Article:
Railway stations and their immediate surrounding areas have become as vulnerable as, for example, airports, to vandalism, other petty crime, drug dealing and, even worse, acts of terrorism.
The devastating incidents in three train stations in Madrid last March is a shocking example of unprovoked terrorist attack. CCTV has long been employed by railway authorities, for both above-the-ground and underground, as a means of observation and safety. Over recent years, however, its use has steadily increased for detecting or preventing crime, whether to catch 'in-the-act' or as deterrent. Modern technology, particularly digital, has led to numerous, sophisticated advances in CCTV surveillance system hardware and software components. This article highlights such advances and their benefits and how they can be applied within and around railway stations.
Where to watch?
CCTV monitoring points in and around train stations can be quite numerous in terms of both actual number and type, and depend on the size of the station. Obviously, large city central stations that handle thousands of travellers each hour at peak periods are much busier than those in suburban areas or villages. The strategic points where cameras may be located are decided by both the purpose(s) of the surveillance system and the allocated budget. In general, the key requirements nowadays are based on 1) observation and control of passenger traffic; 2) passenger and staff safety; 3) control of train traffic schedules; and 4) trespassing and crime observation and prevention. These requirements and the actual monitoring locations determine the types of cameras employed.
Areas where cameras are located inside a railway station include entrances and exits, ticket machines, barrier gates, help points, stairways and escalators, and platforms. Places outside the building can be car parks, bus and taxi arrival/departure points, platform approaches, freight train marshalling yards, and remote road crossings1. In many cases, a train station's CCTV system is linked to a police station or other emergency facility. There are also requirements for installing monitors aboard trains, such as in the driver's cabin that may have a wireless link to one or more cameras located on the platform and trained on the carriage doors. Cameras may also be on-board, again for safety and to observe and prevent crime, with either a monitor located at the conductor's post and/or with a wireless link to an external monitor.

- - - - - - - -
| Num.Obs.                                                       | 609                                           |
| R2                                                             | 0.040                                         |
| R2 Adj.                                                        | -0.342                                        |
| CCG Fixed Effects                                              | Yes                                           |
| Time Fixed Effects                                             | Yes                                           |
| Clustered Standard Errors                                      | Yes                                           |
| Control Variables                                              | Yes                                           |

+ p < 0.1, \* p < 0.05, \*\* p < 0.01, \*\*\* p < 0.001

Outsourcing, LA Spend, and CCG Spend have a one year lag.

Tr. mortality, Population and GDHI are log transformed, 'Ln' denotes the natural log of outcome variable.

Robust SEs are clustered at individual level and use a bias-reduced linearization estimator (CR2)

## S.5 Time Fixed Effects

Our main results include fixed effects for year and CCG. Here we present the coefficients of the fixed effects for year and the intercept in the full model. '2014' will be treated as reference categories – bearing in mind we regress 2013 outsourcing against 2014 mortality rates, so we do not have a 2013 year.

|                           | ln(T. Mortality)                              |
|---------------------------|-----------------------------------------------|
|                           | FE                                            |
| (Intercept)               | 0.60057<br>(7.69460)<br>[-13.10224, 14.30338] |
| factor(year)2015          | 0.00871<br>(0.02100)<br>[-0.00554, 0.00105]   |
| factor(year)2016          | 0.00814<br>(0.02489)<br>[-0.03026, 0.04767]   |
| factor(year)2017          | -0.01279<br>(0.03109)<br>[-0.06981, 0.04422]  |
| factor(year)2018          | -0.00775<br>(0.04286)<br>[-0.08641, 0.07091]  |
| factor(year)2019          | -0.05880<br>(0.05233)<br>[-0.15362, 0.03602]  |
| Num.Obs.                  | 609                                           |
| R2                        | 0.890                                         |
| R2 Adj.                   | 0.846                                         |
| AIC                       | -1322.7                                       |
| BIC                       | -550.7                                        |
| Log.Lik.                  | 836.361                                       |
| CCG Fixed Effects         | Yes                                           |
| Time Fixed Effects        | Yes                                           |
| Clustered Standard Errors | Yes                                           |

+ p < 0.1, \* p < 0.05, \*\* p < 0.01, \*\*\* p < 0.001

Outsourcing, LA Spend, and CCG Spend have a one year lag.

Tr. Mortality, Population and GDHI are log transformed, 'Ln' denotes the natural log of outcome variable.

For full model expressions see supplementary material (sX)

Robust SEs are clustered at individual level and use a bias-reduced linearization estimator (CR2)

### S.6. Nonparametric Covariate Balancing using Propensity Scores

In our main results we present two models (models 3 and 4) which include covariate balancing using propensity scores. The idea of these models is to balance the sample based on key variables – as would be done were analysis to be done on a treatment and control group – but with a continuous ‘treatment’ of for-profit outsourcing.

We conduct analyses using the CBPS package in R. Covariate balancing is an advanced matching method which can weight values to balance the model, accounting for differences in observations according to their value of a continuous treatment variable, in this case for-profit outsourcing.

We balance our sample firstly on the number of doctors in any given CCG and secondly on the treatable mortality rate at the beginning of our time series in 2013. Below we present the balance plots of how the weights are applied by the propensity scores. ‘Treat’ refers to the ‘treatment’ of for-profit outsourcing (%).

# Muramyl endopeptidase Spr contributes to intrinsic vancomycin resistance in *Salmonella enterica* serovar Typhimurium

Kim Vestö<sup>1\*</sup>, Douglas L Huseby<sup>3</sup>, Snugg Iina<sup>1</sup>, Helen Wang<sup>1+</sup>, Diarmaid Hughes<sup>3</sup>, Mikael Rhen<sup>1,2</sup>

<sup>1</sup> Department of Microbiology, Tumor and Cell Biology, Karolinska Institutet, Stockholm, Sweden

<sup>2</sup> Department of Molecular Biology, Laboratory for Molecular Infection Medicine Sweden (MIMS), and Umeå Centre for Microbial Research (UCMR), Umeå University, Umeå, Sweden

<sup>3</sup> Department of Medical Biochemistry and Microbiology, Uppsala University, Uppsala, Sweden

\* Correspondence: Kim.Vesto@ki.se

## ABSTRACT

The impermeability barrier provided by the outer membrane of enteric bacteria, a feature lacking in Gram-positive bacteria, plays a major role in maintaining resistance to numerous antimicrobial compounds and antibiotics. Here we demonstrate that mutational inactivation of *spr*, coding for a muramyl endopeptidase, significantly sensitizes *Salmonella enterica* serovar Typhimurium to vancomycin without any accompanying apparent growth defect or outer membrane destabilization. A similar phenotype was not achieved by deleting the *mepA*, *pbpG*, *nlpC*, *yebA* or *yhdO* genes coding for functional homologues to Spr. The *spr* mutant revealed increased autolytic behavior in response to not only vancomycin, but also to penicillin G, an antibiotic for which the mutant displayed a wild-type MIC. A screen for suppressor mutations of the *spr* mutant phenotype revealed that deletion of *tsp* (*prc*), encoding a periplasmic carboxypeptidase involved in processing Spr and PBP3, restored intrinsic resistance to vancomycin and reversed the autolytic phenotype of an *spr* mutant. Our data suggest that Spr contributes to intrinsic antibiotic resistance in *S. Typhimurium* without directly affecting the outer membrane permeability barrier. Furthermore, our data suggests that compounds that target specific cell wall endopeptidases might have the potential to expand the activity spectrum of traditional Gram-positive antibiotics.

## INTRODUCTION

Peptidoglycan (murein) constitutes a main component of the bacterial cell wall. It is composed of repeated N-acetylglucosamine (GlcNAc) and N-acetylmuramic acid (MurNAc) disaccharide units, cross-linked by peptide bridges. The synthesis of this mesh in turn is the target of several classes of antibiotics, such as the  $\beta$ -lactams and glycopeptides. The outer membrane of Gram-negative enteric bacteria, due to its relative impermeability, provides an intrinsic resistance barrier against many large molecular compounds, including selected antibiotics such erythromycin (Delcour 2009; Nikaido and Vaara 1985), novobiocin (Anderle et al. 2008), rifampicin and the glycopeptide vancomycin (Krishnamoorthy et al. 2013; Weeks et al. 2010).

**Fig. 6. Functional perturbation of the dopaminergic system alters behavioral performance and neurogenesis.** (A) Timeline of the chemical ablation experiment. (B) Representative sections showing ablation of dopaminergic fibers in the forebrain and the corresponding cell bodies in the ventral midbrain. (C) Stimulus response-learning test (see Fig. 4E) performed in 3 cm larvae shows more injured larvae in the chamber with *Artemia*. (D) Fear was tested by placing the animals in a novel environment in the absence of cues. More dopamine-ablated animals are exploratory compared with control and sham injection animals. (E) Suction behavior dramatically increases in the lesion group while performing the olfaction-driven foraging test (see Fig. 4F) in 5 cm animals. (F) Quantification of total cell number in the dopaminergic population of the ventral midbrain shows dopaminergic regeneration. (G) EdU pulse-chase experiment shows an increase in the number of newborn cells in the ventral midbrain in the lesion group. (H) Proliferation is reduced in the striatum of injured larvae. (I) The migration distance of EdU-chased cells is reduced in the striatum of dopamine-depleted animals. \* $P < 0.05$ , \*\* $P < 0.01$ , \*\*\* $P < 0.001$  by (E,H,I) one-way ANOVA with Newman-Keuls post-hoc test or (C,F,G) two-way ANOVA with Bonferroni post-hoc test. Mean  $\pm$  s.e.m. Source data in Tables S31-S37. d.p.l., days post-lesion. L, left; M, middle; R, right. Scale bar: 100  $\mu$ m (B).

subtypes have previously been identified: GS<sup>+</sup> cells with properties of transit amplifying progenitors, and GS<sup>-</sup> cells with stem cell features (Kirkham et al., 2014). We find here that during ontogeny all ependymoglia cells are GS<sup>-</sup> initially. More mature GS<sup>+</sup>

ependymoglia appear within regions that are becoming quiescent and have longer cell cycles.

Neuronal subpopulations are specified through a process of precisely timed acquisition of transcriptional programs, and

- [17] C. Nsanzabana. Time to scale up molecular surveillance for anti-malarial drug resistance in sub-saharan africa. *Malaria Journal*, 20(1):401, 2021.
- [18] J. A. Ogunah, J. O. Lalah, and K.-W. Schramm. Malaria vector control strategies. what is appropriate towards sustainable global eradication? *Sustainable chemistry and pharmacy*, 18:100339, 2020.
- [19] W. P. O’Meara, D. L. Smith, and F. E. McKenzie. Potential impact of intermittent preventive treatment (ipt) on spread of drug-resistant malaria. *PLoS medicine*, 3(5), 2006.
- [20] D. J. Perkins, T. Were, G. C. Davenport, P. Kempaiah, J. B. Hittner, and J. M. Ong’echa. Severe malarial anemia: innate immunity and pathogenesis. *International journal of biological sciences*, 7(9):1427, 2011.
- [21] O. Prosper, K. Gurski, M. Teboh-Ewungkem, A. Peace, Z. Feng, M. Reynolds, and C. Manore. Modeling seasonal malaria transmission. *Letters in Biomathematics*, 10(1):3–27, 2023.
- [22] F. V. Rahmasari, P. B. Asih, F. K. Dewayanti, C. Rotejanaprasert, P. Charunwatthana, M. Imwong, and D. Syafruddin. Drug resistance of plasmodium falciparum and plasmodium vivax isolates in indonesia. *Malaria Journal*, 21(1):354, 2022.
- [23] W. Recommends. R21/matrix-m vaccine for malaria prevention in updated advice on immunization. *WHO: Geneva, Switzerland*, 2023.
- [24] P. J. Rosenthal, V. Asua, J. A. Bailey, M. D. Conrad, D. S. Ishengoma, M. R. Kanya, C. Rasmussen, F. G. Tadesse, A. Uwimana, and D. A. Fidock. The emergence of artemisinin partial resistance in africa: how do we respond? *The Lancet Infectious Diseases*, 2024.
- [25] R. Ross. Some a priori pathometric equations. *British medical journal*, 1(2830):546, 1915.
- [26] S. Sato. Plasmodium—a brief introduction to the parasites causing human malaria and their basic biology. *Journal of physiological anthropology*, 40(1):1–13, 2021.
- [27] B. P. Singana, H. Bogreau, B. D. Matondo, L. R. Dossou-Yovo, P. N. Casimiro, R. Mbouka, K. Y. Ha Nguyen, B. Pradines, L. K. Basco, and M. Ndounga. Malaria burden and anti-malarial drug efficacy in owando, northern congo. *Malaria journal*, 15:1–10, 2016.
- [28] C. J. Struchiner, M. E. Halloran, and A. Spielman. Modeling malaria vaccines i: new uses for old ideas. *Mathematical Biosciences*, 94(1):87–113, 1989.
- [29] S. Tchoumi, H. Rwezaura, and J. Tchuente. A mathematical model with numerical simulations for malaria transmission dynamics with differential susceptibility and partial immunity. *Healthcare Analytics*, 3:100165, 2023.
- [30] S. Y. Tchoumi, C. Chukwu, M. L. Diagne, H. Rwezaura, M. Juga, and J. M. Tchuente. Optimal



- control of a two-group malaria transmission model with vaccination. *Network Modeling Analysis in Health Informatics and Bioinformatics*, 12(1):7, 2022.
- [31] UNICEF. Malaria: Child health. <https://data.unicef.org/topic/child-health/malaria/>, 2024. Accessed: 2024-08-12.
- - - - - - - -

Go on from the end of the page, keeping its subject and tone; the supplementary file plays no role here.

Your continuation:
The types of camera available today and their many features are most impressive. From compact, fixed cameras, through direction-controllable models to high-end, sophisticated 'intelligent' cameras that capture the entire dynamic range of a scene regardless of the light conditions - very important for poorly lit stations or unlit outside areas such as the rail track itself. Other features, many of which are enabled by digital technology, further enhance the functionality of cameras, such as miniaturisation, motion detection, day/night operation, backlight compensation, dynamic noise reduction, remote and automatic lens control and numerous others. A wide range of accessories provides choice of mounting, weatherproofing, and tamper, impact- and hazardous substance-resistance. This latter feature is particularly relevant to train stations and rail tracks where dust caused by trains' brakes can accumulate. In addition, cameras mounted in a train must be able to withstand vibration and shock; and those situated near overhead power lines need to be resistant to electrical interference.